Home' Asia Pacific Defence Reporter : APDR Dec 2010 to Jan 2011 Contents www.chemring.com.au
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The fundamental purpose of the ADF is to protect Australia, preferably by
having sufficient strength to deter attacks in the first place. If the only danger
the RAN faced was from swarm boats there would be no need to have Air
Warfare Destroyers or even Frigates. Submarines would be completely useless.
The fact is that the Navy – like the other forces – have to be structured in such
a way as to handle a large number of contingencies, up to and including the
worst case scenario of full scale conventional warfare. In circumstances where
Australia might be fighting alone, with individual ships away from air cover,
the ability of Australian naval helicopters to undertake operations against
major enemy surface combatants would seem to be highly desirable.
AIR 9000 phase 8 is also called the Future Naval Air Combat System project
and on this basis alone it seems strange that weapon performance will not
form part of the evaluation criteria. If a long-range genuine anti-ship missile
in the form of the Penguin was good enough for the Seasprites one would
hope that the same logic still applies today.
The Mk 54 lightweight torpedo that will equip Romeos is also part of the
US “family” concept discussed earlier. It is an upgrade of the venerable Mk
46 designed to improve performance in shallow water but maintaining the
old propulsion system. This is a uniquely American method, using Otto
fuel rather than batteries. This propellant is a mixture of three synthetic
substances and for the chemists out there they are: propylene glycol nitrate;
2-nitrodiphenylamine and dibutyl sebacate.
Otto fuel is considered toxic and over-exposure to it produces unpleasant
effects such as headaches, nausea, loss of balance, poor hand-eye coordination,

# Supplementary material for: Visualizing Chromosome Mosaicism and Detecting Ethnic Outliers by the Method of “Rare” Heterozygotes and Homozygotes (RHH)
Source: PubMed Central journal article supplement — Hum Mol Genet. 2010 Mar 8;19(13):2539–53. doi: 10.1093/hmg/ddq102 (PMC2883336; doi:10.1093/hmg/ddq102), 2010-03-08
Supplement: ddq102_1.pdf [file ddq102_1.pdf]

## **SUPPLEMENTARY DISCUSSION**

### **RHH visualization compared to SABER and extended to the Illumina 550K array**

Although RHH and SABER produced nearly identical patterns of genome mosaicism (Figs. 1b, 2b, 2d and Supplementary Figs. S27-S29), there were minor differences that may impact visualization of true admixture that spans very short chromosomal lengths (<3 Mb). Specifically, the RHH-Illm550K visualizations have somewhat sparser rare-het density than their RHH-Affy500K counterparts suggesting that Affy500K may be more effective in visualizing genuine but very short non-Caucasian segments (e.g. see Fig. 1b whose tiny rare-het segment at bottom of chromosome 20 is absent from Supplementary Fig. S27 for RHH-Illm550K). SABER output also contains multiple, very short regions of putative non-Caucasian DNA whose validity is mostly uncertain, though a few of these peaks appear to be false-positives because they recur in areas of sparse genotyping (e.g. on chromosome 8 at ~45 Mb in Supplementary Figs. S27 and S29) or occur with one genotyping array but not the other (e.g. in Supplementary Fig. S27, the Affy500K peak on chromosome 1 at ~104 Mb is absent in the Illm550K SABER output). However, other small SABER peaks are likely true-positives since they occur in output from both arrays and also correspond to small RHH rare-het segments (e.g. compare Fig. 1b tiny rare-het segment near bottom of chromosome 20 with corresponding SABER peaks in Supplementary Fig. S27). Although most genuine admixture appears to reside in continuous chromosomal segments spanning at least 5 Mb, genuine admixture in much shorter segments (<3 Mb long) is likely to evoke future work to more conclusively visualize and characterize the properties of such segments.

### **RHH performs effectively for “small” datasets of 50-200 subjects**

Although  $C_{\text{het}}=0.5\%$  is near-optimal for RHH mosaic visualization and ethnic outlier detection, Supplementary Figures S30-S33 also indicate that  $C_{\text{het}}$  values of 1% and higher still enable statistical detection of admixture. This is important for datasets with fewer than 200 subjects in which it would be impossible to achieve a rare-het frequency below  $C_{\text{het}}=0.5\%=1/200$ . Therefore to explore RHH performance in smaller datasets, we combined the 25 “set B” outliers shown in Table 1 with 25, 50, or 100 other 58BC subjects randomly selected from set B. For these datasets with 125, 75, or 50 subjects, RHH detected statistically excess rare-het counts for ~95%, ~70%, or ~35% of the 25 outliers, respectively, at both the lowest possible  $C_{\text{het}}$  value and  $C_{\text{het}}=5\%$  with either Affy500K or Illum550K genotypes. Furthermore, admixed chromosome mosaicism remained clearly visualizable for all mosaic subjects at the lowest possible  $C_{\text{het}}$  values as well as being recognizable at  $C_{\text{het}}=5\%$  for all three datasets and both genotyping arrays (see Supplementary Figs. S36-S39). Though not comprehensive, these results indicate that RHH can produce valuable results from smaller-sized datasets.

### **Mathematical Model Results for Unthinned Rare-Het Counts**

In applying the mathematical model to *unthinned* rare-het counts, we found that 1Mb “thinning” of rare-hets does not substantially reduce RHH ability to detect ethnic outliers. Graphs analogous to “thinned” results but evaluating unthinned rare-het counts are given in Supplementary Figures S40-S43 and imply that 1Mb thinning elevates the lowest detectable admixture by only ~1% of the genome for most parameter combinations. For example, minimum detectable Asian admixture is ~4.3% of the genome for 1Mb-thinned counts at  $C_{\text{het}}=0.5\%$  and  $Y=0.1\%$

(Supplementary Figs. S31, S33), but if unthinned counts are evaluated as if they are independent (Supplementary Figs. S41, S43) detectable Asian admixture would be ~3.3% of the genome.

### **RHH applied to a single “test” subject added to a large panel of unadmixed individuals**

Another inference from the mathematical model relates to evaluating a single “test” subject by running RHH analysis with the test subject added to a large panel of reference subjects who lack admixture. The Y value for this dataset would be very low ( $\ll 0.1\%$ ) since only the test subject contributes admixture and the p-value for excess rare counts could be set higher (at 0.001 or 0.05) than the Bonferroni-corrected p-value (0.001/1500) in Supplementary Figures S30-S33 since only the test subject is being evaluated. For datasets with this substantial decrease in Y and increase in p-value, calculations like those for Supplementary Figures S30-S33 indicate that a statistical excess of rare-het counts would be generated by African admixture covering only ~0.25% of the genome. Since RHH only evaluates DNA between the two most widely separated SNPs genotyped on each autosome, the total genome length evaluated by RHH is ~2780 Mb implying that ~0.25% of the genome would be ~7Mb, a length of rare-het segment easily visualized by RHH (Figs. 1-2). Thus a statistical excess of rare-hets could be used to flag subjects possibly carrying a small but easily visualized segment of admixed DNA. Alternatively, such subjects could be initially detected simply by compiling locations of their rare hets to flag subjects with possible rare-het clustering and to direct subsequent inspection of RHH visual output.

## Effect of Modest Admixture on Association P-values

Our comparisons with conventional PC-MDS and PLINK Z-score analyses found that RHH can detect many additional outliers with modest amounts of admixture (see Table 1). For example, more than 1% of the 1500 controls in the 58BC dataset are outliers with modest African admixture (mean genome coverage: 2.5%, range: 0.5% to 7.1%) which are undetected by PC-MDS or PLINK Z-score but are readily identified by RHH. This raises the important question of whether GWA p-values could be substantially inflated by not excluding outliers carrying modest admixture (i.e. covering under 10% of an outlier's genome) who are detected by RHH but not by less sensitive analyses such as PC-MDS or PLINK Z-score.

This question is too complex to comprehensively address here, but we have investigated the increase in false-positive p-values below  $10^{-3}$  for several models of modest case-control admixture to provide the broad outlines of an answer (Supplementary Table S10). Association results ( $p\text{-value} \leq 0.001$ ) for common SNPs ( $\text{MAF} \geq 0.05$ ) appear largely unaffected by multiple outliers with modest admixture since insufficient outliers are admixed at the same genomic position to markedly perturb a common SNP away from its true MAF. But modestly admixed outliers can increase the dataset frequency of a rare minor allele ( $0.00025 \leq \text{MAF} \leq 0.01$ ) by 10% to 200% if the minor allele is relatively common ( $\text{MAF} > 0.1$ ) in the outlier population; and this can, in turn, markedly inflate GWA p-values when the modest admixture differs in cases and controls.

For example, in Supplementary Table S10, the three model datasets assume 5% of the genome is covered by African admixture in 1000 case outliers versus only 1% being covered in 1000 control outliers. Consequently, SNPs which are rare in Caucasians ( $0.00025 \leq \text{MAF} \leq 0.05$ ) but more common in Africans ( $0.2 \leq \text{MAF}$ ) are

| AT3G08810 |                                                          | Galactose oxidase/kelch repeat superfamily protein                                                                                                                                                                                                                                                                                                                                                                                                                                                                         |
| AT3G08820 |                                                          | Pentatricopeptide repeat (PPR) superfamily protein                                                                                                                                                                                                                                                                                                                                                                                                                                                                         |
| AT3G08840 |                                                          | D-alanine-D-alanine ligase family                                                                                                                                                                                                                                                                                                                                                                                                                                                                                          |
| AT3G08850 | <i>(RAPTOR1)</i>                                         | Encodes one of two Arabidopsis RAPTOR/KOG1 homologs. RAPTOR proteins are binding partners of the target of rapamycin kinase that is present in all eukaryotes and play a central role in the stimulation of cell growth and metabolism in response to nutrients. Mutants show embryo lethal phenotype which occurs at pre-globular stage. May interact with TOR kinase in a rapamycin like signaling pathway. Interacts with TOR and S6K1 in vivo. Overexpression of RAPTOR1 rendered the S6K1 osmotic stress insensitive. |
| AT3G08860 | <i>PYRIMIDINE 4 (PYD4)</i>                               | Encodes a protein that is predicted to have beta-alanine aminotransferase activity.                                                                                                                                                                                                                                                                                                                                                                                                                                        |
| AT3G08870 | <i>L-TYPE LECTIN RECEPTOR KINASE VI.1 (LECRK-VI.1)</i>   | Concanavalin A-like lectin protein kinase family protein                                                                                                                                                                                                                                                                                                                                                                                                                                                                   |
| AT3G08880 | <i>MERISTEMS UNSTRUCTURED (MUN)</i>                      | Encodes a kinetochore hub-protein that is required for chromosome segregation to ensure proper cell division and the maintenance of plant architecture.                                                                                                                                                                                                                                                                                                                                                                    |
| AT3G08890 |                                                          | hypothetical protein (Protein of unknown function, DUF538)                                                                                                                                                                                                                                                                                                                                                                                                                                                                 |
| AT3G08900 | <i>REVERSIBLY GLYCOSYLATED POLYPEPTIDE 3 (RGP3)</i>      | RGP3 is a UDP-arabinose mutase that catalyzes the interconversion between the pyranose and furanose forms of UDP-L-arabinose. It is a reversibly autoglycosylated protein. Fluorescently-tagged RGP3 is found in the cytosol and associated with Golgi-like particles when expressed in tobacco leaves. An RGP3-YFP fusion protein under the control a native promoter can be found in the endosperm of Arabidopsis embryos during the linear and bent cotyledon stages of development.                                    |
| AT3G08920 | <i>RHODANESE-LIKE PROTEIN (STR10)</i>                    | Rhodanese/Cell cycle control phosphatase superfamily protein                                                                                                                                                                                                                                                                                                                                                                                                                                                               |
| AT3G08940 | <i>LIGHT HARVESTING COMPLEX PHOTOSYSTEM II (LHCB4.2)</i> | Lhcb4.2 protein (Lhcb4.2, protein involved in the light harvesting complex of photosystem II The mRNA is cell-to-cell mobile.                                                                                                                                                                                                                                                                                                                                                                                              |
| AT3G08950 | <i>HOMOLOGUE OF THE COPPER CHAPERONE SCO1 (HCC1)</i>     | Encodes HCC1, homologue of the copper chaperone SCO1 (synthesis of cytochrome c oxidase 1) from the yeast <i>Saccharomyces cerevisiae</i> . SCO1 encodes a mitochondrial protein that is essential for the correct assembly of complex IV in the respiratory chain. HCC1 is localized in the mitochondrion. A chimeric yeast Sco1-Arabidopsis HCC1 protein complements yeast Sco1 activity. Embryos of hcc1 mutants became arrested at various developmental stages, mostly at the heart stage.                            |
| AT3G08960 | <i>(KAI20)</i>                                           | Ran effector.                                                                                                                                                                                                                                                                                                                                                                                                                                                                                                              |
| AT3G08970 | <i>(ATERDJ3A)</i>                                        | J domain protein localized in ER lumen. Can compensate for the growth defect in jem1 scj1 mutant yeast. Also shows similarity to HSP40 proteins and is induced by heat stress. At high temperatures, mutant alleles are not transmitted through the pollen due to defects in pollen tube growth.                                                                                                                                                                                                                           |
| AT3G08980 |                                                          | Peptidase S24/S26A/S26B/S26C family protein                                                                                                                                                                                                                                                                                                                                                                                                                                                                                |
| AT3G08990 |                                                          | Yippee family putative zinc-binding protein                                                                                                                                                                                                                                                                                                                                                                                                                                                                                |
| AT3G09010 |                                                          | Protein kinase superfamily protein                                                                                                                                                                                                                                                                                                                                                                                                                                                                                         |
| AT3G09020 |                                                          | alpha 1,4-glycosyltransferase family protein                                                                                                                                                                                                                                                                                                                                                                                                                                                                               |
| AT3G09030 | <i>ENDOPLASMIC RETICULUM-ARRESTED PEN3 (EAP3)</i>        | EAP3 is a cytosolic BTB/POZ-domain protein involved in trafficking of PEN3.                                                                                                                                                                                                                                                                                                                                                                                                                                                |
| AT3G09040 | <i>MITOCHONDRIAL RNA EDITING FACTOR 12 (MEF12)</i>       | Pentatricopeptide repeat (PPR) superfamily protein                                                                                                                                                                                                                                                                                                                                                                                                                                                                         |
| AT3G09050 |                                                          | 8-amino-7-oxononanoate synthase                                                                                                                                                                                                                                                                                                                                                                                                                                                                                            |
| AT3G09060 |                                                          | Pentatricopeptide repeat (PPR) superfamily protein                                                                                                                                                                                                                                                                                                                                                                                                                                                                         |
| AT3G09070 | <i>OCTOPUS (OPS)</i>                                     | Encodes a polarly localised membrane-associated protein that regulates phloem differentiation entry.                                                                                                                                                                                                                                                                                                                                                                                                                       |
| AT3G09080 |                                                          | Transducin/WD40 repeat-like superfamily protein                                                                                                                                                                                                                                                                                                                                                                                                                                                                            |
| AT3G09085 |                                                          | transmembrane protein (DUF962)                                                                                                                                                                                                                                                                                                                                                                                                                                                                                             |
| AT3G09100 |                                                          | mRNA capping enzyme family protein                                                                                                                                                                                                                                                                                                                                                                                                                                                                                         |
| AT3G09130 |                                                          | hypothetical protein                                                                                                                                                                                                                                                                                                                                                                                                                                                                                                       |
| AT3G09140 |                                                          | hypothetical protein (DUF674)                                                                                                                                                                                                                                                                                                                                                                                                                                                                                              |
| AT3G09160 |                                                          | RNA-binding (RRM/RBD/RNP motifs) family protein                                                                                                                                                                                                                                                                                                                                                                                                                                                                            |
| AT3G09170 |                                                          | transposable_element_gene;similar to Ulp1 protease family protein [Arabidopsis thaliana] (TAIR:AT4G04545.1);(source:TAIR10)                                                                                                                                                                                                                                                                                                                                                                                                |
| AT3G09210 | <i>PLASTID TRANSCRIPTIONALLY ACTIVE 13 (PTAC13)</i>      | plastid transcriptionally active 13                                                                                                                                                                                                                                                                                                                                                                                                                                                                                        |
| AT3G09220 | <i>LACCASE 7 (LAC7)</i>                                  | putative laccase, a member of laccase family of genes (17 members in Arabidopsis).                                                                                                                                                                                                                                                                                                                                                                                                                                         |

nasal congestion, eye irritation and breathing difficulties. The effects of long-
term exposure are unknown. It is also expensive and difficult to procure.
The MU90 is an electrically driven lightweight torpedo with excellent
performance in all conditions. In fact it is so good is it that it was selected
by Australia a decade ago in a direct competition against the Mk 54 and is
currently being fitted to RAN’s Anzac frigates, FFGs and will go on the new
‘Hobart’ Class air warfare destroyers – all of which will embark the helicopters
being purchased via AIR 9000 phase 8.
The introduction of the MU90 into service has been a slow and tedious
affair as described by the Australian National Audit Office. But this has
nothing to do with the torpedo itself, which is a proven product. Instead the
difficulties have largely been a consequence of Defence’s own procedures and
processes, resulting in a scaling back of the project.
It has been suggested that in a time of conflict or during operations
involving the USN, Australia would be better off with the Mk 54 because of
ease of re-supply. This is a dangerous and untestable assertion. If Australia
was at war and the US was not, then it is possible that the RAN would indeed
receive replacement Mk 54 torpedoes quickly. But in the far more likely event
that we were in a conflict together the natural instinct of the USN would be to
look after their own interests first. Any captain who gave away some of their
key anti-submarine weapons to an ally and whose ship was subsequently
sunk by an enemy submarine would be declared insane. As the British soon
discovered during the Falklands war, anti-submarine torpedoes are used at
a prodigious rate – basically being fired whenever an underwater contact is
made in case it is a submarine. The consequences of not doing so could be
catastrophic – waiting for a submarine to be confirmed as such might allow
it enough time to fire torpedoes at surface ships, including aircraft carriers. In
a time of war, any navy that has lightweight torpedoes will in all probability
keep them for their own use.
With this in mind, for reasons of self-reliance Australia has an assembly
line for MU90s and could produce more of them if required and given some
As is the case for the missiles, it is hard to understand why the matter of the
torpedo apparently does not form part of the fundamental decision-making
matrix for Phase 8. At the very least Australia should specify that the MU90
will be integrated onto whichever helicopter is selected. This is the case for
Denmark, where the MU90 will equip that navy’s MH-60Rs.
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